Peter Williams, Painter Who Explored Black America’s Past and Present, Has Died at 69

Peter Williams, Painter Who Explored Black America’s Past and Present, Has Died at 69

Peter Williams, a genre-bending painter who explored the past and present of Black America through surreal narratives, has died at 69. Luis De Jesus Gallery in Los Angeles, which represents the artist, said that Williams passed away on August 19 following complications from a long illness.

Williams’s prolific practice was guided by his strong moral and political convictions, and addressed issues from mass incarceration to slavery and unequal wealth distribution. Working in an Afrofuturist style, he cast his colorful, often fractured scenes in distant solar systems and injected them with a good dose of wry humor.

“He was a painter who painted for himself and was not afraid to poignantly portray the truths of contemporary society. His passing is a huge loss for us and his many friends and colleagues in the art world,” gallery director Luis De Jesus said in a statement.

Throughout his 45-year career, Williams, who was based in Wilmington, Delaware, shifted between abstract and figurative modes, though in an 2020 interview with Forbes he referred to himself as a “figurative narrative painter.” He liked to skewer the traditions of modernism, often portraying its grid as a prison for non-white artists. In some works, figures holding or wearing African masks burst out of Mondrian-like bands of red, yellow, and blue in an explosion of densely packed dots.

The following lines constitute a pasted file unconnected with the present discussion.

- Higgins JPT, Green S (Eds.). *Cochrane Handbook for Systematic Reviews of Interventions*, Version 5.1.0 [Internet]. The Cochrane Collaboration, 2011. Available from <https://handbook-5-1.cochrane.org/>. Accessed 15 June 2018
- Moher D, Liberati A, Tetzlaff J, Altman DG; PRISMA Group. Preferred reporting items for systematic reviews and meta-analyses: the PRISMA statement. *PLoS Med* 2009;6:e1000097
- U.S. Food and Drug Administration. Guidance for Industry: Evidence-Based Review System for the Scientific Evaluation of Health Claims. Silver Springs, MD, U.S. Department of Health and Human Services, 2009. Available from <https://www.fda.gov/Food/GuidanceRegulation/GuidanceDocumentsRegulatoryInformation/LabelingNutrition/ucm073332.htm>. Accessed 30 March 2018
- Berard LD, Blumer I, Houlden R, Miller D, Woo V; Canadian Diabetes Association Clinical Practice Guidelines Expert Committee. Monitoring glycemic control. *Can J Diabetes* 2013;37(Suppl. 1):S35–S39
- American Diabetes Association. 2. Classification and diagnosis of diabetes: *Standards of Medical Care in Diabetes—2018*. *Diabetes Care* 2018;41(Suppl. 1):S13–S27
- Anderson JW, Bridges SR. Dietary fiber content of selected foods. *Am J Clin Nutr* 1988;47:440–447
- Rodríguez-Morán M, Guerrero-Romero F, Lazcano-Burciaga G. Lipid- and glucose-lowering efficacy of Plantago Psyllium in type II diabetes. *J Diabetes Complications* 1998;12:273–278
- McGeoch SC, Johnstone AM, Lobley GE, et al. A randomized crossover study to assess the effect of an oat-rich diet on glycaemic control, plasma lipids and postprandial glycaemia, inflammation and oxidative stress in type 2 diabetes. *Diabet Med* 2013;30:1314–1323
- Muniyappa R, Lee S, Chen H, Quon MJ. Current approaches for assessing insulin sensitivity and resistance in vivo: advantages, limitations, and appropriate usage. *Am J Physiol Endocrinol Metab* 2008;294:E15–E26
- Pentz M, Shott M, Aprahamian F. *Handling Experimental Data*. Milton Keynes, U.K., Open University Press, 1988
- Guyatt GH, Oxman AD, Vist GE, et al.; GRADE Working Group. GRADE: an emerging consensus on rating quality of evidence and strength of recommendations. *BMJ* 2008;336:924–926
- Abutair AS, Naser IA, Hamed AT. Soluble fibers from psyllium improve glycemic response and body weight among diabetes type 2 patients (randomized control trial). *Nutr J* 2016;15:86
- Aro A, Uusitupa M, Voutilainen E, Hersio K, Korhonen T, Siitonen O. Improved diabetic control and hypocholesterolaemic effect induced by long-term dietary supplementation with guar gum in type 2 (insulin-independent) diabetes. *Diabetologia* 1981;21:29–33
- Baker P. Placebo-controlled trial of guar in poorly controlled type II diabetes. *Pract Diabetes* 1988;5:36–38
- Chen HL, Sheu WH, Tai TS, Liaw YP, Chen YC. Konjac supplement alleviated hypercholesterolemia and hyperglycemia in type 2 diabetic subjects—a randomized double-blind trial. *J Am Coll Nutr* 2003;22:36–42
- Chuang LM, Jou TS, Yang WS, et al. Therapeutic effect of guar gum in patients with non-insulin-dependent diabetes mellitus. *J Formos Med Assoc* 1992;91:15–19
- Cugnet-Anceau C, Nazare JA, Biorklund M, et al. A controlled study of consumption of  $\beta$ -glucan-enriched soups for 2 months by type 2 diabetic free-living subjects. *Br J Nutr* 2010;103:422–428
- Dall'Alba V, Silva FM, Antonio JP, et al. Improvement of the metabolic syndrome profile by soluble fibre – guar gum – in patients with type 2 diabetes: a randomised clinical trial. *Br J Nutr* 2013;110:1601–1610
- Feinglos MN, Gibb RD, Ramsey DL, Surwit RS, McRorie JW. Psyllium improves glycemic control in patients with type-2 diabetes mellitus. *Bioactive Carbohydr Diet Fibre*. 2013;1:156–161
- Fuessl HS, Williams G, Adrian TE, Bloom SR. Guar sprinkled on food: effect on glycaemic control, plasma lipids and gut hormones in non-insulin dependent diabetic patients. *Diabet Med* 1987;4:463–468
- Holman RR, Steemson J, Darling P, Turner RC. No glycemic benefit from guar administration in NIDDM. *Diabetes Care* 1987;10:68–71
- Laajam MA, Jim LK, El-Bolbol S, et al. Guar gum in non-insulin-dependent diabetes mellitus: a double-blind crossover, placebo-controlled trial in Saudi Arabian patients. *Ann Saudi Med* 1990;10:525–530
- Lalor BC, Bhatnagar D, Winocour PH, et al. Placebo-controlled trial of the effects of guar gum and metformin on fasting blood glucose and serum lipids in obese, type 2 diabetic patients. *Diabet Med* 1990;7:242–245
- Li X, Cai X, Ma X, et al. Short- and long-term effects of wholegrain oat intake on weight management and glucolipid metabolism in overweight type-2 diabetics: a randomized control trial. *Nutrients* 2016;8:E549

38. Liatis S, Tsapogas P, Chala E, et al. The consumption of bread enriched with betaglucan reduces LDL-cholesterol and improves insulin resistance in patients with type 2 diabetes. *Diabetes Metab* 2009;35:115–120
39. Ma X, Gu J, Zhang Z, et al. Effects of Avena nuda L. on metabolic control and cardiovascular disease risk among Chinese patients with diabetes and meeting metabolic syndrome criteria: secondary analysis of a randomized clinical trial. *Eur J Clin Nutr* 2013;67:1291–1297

Williams’s most recent work focuses on the killing of unarmed Black men and children by police in America. In the large-scale painting The Arrest of George Floyd (2020), he depicted Floyd screaming as disembodied white hands grab him and a blue eye looks on untroubled. In another work dedicated to Floyd, Williams incorporated symbols of corporate greed, suggesting that America’s wealth is built on the suffering and exploitation of Black people.

Peter Williams, The Arrest of George Floyd, 2020.

“My work has always had a political ethos, it comes out of my self-awareness as a black American,” he told Forbes. “This work is a compendium of modernist form and the politics of right now.”

Williams was born in 1952, in Nyack, New York, and earned a B.F.A. from the Minneapolis College of Art and Design and an M.F.A. from the Maryland Institute College of Art. At 17, he was given his first solo show, at the Pat Merenstein Gallery in Nyack, which led to more shows in the region, including one at the Woodstock Music Festival.

A car accident during a college trip to New Mexico led to the loss of one leg; he had lifelong pain. He cited the trauma as a major influence on his practice, in particular the use of a recurring cast of characters as means to tell stories of hardship and triumph.

Williams was known as a passionate mentor and had recently retired from from the fine arts department at the University of Delaware, which he joined following a 17-year tenure at Wayne State University. His many accolades include the Artists’ Legacy Foundation’s 2020 Artist Award and a 2021 Guggenheim Fellowship.

Williams’ paintings are held in the permanent collections of the Smithsonian American Art Museum, the Walker Art Center, the Whitney Museum, and the Detroit Institute of Arts, among other institutions. His work appeared in the 2002 Whitney Biennial and the 2017 edition of the Prospect New Orleans triennial, and examples are slated to appear in a solo show at Luis De Jesus next year.

Working in an Afrofuturist style, he called himself a “figurative narrative painter.”